Policeman's suspicious death brought change in attitudes, but discrimination against gays persists

PUBLISHED : Sunday, 26 May, 2013, 12:00am
UPDATED : Sunday, 26 May, 2013, 8:18am

The mysterious death of Inspector John MacLennan in 1980 sparked the most expensive public inquiry in Hong Kong's history, costing HK$16 million.

Before the 29-year-old Scot was found with five gunshots to the chest, he knew he was about to be interviewed by the Special Investigations Unit - a specialist police unit charged with investigating homosexuals.

MacLennan's death awoke the public and the authorities to the need to overhaul the law, and the government immediately appointed the Law Reform Commission to recommend whether the law needed to be changed.

Homosexuality was eventually decriminalised in 1991. But 22 years on, the city still does not have an anti-discrimination law protecting sexual minorities.

Discrimination is illegal under the Bill of Rights, but its provisions can be used only against the government and public authorities.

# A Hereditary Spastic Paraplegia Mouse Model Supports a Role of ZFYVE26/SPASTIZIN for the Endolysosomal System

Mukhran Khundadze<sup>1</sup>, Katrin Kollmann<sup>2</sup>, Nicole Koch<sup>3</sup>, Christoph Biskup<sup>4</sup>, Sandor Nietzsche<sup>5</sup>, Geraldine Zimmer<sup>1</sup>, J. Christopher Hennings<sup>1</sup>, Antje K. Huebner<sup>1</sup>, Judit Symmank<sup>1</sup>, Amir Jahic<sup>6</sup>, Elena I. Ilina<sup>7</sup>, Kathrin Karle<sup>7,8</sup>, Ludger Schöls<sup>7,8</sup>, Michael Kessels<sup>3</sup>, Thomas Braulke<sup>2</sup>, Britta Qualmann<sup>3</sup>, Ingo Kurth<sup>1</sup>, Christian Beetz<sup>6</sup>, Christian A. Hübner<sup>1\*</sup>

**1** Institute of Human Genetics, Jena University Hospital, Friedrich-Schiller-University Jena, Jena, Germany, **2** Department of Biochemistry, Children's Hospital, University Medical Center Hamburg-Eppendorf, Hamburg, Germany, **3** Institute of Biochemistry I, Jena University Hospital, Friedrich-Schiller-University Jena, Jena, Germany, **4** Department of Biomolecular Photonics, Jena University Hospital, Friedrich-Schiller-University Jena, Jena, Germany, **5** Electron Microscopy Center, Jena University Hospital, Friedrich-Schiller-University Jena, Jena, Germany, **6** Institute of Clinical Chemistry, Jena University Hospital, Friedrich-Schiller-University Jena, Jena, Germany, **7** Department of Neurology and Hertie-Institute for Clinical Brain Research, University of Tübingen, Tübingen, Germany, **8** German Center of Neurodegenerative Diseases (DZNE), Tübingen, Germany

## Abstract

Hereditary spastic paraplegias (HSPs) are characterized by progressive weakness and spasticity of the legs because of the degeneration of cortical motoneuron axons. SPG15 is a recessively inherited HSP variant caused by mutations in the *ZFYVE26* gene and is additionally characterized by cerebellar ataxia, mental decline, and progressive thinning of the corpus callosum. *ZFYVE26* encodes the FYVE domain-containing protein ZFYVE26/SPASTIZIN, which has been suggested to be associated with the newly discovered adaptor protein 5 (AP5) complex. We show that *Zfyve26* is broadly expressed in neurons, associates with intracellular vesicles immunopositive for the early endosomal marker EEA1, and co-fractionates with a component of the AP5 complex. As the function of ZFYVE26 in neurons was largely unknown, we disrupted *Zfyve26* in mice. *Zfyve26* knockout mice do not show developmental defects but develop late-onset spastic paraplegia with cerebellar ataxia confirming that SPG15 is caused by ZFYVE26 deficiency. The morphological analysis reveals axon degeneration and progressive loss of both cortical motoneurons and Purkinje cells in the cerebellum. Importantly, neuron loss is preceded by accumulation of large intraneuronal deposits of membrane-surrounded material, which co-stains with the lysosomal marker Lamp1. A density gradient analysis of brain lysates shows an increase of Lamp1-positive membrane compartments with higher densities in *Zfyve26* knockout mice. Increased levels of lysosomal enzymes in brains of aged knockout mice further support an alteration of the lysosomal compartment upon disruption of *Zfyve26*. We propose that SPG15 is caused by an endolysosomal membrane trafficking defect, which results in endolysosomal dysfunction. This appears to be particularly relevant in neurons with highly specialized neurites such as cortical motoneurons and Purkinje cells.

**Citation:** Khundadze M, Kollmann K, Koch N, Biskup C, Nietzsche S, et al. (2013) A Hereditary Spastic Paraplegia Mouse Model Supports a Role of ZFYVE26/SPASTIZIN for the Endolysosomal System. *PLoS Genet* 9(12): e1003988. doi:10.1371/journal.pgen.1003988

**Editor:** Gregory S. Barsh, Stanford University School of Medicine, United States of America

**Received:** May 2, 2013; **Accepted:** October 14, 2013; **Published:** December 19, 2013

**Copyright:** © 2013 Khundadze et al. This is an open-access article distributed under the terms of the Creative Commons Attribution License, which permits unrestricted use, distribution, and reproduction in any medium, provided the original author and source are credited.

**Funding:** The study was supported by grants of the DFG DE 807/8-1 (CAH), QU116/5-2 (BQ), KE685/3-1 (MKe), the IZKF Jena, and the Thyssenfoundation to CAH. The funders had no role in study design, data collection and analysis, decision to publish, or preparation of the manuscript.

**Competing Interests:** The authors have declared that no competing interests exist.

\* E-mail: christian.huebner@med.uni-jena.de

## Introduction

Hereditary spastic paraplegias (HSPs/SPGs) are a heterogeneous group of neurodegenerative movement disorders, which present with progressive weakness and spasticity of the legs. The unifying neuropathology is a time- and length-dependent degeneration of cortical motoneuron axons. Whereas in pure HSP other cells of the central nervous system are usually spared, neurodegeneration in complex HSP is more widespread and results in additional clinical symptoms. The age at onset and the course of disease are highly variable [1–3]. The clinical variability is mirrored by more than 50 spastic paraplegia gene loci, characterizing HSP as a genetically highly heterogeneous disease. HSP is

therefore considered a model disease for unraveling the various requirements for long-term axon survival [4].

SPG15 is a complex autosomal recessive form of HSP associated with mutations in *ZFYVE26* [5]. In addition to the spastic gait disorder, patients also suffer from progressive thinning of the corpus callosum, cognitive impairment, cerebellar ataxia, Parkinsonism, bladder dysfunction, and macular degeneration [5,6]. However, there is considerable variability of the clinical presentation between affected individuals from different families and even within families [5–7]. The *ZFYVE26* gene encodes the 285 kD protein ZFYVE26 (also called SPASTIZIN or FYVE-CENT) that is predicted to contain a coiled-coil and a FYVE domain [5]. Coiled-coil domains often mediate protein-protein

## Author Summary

Michael Vidler, a legal adviser to Pink Alliance - a coalition of lesbian, gay, bisexual and transgender groups - said the basic values enshrined in the constitution mean that everyone is equal in theory, but that reality often doesn't measure up.

"In gay people's lives today, what in reality has changed?" he asked. "Many young people are still worried about coming out as gay at their place of work because they fear it will affect their employment. Even today, they still feel they have to lead a kind of double life."

Elsie Tu, an urban councillor in 1980, took a great interest in the MacLennan case and was in no doubt that the police officer had been caught up in a sinister plot.

"I don't believe for a moment that MacLennan committed suicide," she said.

"He was a good and honest man. What was said at the inquiry about him after his death were damn lies. It was an absolute disgrace."

In an interview with the Post on the eve of his retirement in 1994, Commissioner of Police Li Kwan-ha said the MacLennan inquiry had fallen short.

"The action at the scene could have been better handled," Li said. "There were a lot of doors that hadn't been closed, let alone locked, but there was no malice in anyone's actions."

Agnes Allcock's play Behind the Curtain is also not the only one to refer to MacLennan's suspicious death. In 1995, Michael Hurley's production of the 20th century classic Accidental Death of an Anarchist replaced references to the politics of post-war Italy with references to more contemporary examples of intrigue.

The most effective of these was a reference to the supposed suicide of MacLennan.